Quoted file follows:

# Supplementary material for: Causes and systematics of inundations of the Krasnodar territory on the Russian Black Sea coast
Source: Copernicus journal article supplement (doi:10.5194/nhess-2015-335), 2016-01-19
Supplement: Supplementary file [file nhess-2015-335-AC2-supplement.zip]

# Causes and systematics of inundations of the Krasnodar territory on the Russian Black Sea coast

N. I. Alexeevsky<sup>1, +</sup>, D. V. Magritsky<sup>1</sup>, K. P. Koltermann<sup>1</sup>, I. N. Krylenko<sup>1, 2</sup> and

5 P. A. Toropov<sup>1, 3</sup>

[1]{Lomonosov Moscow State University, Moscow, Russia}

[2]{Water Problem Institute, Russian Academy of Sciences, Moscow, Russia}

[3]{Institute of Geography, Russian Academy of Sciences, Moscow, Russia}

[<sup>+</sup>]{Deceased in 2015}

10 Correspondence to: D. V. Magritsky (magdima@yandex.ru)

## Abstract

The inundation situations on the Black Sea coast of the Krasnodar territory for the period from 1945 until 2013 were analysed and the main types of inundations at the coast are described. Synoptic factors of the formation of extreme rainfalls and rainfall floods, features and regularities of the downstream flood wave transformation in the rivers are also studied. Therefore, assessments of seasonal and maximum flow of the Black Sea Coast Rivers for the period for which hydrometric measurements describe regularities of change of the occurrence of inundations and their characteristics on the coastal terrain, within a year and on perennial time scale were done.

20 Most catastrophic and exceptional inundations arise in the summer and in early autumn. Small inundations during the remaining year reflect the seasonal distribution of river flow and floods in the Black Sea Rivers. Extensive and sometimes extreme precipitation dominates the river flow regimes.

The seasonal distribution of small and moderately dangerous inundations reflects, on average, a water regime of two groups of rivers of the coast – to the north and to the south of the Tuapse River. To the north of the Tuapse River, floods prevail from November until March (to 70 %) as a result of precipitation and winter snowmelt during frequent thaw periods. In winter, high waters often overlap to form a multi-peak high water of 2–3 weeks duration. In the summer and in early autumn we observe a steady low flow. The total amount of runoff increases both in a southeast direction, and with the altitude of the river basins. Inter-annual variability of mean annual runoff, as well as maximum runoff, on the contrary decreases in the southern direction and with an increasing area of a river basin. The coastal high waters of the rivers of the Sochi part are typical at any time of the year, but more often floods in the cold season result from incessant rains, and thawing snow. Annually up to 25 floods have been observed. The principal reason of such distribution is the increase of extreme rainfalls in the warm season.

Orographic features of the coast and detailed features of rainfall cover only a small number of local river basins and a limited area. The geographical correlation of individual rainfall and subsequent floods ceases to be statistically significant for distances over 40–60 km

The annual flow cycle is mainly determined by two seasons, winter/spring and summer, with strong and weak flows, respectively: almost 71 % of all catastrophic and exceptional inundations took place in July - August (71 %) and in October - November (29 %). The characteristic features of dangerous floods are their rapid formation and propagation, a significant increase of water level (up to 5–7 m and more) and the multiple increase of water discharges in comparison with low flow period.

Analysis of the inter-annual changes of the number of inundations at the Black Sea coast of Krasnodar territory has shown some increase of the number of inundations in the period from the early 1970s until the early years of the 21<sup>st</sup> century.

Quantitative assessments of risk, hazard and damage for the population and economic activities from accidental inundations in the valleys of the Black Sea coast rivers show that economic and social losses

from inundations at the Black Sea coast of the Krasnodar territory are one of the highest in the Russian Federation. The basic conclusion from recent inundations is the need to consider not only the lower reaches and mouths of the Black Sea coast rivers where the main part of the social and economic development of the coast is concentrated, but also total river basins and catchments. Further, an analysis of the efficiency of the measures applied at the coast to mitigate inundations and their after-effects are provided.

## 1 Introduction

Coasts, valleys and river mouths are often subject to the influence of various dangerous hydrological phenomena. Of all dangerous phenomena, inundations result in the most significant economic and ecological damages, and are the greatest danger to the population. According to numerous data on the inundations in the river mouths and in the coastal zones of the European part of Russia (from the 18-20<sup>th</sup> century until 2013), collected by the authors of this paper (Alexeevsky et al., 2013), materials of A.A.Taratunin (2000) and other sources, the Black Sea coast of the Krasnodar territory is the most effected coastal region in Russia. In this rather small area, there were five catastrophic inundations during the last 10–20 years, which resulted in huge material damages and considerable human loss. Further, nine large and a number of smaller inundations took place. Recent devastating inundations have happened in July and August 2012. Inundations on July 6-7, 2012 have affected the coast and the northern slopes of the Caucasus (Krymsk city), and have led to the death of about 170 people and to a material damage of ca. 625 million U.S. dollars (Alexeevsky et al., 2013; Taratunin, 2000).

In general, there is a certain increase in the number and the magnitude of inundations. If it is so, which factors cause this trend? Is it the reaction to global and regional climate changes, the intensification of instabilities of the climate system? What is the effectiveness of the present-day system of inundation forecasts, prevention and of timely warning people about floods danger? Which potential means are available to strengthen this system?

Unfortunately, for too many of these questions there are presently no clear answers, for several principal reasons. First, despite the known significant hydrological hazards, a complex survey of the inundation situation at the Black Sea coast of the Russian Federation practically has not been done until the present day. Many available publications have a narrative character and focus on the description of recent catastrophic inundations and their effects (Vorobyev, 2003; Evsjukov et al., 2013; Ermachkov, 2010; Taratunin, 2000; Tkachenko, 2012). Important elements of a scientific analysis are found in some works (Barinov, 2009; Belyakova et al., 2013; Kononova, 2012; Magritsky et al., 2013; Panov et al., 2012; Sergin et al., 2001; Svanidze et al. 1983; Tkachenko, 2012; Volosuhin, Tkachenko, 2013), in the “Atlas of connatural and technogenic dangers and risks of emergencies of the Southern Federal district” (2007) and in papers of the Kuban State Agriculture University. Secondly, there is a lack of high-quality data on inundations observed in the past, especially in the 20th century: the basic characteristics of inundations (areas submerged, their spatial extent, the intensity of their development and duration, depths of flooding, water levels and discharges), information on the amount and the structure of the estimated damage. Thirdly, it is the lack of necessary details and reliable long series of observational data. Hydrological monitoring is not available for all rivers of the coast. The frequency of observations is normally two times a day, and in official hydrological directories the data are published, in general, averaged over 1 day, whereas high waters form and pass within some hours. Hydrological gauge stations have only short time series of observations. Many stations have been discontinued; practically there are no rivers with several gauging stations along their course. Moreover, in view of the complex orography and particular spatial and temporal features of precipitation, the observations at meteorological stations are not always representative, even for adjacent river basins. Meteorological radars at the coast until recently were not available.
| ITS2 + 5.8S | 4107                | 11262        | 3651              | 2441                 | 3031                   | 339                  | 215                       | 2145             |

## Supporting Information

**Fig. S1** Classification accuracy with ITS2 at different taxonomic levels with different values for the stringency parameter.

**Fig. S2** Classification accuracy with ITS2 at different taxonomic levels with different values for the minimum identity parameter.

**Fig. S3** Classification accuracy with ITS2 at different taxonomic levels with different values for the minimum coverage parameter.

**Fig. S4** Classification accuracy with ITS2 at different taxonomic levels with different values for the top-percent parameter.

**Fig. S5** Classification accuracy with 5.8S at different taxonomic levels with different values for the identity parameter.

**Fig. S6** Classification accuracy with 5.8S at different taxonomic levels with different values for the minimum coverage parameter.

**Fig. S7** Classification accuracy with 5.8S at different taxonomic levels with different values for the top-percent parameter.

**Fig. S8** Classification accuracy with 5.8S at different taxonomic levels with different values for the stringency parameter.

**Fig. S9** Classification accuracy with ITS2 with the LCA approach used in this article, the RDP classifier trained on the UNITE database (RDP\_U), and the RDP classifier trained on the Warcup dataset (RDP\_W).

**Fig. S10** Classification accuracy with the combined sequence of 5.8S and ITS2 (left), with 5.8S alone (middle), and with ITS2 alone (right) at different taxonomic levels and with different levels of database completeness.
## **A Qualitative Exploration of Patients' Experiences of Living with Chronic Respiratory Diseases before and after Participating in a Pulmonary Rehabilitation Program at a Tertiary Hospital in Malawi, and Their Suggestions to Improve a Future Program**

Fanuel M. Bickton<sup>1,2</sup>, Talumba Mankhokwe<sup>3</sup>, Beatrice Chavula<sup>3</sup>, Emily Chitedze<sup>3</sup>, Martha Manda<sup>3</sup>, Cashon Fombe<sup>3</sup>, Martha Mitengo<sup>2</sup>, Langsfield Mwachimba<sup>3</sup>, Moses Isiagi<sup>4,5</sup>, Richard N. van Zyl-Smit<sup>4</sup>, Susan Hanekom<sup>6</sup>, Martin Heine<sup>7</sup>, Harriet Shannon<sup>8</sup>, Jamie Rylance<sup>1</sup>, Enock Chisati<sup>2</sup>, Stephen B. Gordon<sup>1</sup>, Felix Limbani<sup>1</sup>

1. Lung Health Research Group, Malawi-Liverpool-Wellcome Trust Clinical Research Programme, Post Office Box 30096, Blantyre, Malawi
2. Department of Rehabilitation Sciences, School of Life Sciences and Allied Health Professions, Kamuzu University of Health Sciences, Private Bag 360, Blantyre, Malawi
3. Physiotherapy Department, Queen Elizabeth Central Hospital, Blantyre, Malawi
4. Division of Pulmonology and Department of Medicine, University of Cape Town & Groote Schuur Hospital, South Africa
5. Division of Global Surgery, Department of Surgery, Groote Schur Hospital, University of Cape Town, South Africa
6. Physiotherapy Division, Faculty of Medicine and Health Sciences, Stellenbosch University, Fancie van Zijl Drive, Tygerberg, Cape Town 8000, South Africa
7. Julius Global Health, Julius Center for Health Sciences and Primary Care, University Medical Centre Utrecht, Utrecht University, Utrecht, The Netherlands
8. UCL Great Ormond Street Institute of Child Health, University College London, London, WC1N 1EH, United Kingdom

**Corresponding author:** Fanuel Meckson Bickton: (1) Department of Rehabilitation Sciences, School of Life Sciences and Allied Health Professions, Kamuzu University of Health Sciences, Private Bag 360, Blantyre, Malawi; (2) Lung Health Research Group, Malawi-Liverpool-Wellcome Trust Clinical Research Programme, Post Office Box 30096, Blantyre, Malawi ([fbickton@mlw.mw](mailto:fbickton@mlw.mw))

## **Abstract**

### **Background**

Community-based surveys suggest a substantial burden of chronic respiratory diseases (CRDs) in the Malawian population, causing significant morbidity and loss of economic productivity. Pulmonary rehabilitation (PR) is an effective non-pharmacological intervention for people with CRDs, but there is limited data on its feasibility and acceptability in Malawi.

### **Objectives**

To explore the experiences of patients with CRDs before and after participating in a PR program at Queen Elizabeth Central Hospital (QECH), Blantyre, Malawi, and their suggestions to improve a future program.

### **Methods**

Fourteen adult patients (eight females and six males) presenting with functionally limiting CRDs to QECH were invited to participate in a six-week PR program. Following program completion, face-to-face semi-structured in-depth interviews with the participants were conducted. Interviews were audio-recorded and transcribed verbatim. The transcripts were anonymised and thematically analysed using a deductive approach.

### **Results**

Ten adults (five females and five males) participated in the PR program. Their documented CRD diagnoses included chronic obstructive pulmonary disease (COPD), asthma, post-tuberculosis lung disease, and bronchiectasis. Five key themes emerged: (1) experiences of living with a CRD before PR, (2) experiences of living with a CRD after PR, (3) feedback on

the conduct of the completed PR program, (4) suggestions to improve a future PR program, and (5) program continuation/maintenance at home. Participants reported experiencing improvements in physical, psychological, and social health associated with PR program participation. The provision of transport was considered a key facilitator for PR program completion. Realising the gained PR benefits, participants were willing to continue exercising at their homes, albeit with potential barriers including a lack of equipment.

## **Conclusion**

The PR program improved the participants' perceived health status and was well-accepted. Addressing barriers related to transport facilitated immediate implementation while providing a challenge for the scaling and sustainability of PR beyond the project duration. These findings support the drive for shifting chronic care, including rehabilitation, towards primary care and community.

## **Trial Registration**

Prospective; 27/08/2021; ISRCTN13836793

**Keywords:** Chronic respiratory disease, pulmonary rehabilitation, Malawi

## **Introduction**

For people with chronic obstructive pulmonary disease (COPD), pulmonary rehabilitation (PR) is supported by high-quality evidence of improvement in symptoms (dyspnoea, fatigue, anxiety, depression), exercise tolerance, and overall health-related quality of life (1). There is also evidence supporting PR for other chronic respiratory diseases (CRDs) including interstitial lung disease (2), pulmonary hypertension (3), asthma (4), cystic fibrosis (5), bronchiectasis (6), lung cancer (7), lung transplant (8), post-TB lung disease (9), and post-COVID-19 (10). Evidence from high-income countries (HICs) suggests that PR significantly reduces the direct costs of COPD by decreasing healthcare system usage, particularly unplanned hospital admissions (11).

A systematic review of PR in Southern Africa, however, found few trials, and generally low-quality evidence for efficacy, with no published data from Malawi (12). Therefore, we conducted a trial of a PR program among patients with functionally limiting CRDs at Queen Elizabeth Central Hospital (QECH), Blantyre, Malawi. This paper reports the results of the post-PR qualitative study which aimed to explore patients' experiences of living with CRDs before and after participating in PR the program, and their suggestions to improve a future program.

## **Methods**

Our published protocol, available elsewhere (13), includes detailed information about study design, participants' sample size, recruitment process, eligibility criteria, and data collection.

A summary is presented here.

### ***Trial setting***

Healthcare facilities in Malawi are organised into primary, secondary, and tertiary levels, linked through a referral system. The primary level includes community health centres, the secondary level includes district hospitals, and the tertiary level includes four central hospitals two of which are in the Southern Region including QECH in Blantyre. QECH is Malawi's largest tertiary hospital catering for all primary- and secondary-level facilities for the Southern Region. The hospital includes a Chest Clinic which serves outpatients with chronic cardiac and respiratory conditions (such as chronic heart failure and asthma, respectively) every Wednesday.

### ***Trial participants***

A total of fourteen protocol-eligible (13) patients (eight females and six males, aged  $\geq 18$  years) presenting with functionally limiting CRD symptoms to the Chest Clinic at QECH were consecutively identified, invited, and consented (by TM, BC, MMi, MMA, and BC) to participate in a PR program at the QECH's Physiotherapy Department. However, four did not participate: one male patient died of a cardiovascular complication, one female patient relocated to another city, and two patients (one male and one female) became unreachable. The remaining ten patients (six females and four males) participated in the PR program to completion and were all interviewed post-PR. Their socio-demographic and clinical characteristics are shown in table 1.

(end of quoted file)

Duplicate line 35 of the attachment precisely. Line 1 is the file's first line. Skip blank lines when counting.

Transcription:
**Fig. S9** Classification accuracy with ITS2 with the LCA approach used in this article, the RDP classifier trained on the UNITE database (RDP\_U), and the RDP classifier trained on the Warcup dataset (RDP\_W).